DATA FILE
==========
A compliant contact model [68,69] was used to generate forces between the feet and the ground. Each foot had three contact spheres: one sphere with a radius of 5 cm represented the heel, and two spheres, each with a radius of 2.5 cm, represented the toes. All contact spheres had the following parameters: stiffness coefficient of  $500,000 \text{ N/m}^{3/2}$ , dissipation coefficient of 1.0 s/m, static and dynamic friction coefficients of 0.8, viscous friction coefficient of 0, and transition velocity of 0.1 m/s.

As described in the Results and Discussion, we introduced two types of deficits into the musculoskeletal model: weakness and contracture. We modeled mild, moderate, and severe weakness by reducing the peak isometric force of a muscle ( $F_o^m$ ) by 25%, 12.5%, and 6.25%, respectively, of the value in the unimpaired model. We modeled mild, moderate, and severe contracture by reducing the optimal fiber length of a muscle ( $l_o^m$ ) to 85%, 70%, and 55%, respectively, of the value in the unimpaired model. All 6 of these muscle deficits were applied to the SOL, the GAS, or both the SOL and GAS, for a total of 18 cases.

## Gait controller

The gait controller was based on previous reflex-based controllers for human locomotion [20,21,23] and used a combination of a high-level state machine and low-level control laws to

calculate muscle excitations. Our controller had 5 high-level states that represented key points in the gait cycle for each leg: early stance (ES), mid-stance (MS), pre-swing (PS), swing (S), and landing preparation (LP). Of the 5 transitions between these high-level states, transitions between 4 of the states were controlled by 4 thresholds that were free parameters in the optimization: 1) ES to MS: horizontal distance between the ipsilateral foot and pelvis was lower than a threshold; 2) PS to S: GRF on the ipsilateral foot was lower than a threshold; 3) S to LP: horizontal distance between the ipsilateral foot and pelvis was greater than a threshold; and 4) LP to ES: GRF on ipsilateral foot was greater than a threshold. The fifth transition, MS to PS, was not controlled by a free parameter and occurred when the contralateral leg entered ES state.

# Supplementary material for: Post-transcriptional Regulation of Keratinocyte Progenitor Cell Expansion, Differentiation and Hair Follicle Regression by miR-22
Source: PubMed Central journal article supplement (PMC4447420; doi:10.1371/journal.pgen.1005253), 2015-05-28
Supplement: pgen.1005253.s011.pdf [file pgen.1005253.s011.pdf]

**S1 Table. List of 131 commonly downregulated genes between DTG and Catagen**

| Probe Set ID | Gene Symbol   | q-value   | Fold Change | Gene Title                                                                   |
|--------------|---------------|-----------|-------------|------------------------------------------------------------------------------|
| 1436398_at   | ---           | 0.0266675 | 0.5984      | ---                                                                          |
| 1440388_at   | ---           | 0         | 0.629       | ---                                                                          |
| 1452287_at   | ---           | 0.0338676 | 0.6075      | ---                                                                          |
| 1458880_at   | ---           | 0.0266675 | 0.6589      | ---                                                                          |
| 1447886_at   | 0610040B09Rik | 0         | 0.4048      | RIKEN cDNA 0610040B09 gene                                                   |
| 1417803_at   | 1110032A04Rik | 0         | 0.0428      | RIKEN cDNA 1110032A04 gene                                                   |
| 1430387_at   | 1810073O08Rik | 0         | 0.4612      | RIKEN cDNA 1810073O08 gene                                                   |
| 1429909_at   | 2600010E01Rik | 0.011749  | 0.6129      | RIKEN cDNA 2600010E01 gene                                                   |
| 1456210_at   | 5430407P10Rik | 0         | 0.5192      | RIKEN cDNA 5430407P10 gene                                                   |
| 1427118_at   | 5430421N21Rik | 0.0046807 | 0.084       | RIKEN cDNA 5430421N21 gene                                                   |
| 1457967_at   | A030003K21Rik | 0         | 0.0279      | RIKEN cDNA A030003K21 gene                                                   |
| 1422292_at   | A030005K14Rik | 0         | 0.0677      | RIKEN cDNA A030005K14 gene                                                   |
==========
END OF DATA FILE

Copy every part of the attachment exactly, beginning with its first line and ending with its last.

A compliant contact model [68,69] was used to generate forces between the feet and the ground. Each foot had three contact spheres: one sphere with a radius of 5 cm represented the heel, and two spheres, each with a radius of 2.5 cm, represented the toes. All contact spheres had the following parameters: stiffness coefficient of  $500,000 \text{ N/m}^{3/2}$ , dissipation coefficient of 1.0 s/m, static and dynamic friction coefficients of 0.8, viscous friction coefficient of 0, and transition velocity of 0.1 m/s.

As described in the Results and Discussion, we introduced two types of deficits into the musculoskeletal model: weakness and contracture. We modeled mild, moderate, and severe weakness by reducing the peak isometric force of a muscle ( $F_o^m$ ) by 25%, 12.5%, and 6.25%, respectively, of the value in the unimpaired model. We modeled mild, moderate, and severe contracture by reducing the optimal fiber length of a muscle ( $l_o^m$ ) to 85%, 70%, and 55%, respectively, of the value in the unimpaired model. All 6 of these muscle deficits were applied to the SOL, the GAS, or both the SOL and GAS, for a total of 18 cases.

## Gait controller

The gait controller was based on previous reflex-based controllers for human locomotion [20,21,23] and used a combination of a high-level state machine and low-level control laws to

calculate muscle excitations. Our controller had 5 high-level states that represented key points in the gait cycle for each leg: early stance (ES), mid-stance (MS), pre-swing (PS), swing (S), and landing preparation (LP). Of the 5 transitions between these high-level states, transitions between 4 of the states were controlled by 4 thresholds that were free parameters in the optimization: 1) ES to MS: horizontal distance between the ipsilateral foot and pelvis was lower than a threshold; 2) PS to S: GRF on the ipsilateral foot was lower than a threshold; 3) S to LP: horizontal distance between the ipsilateral foot and pelvis was greater than a threshold; and 4) LP to ES: GRF on ipsilateral foot was greater than a threshold. The fifth transition, MS to PS, was not controlled by a free parameter and occurred when the contralateral leg entered ES state.

# Supplementary material for: Post-transcriptional Regulation of Keratinocyte Progenitor Cell Expansion, Differentiation and Hair Follicle Regression by miR-22
Source: PubMed Central journal article supplement (PMC4447420; doi:10.1371/journal.pgen.1005253), 2015-05-28
Supplement: pgen.1005253.s011.pdf [file pgen.1005253.s011.pdf]

**S1 Table. List of 131 commonly downregulated genes between DTG and Catagen**

| Probe Set ID | Gene Symbol   | q-value   | Fold Change | Gene Title                                                                   |
|--------------|---------------|-----------|-------------|------------------------------------------------------------------------------|
| 1436398_at   | ---           | 0.0266675 | 0.5984      | ---                                                                          |
| 1440388_at   | ---           | 0         | 0.629       | ---                                                                          |
| 1452287_at   | ---           | 0.0338676 | 0.6075      | ---                                                                          |
| 1458880_at   | ---           | 0.0266675 | 0.6589      | ---                                                                          |
| 1447886_at   | 0610040B09Rik | 0         | 0.4048      | RIKEN cDNA 0610040B09 gene                                                   |
| 1417803_at   | 1110032A04Rik | 0         | 0.0428      | RIKEN cDNA 1110032A04 gene                                                   |
| 1430387_at   | 1810073O08Rik | 0         | 0.4612      | RIKEN cDNA 1810073O08 gene                                                   |
| 1429909_at   | 2600010E01Rik | 0.011749  | 0.6129      | RIKEN cDNA 2600010E01 gene                                                   |
| 1456210_at   | 5430407P10Rik | 0         | 0.5192      | RIKEN cDNA 5430407P10 gene                                                   |
| 1427118_at   | 5430421N21Rik | 0.0046807 | 0.084       | RIKEN cDNA 5430421N21 gene                                                   |
| 1457967_at   | A030003K21Rik | 0         | 0.0279      | RIKEN cDNA A030003K21 gene                                                   |
| 1422292_at   | A030005K14Rik | 0         | 0.0677      | RIKEN cDNA A030005K14 gene                                                   |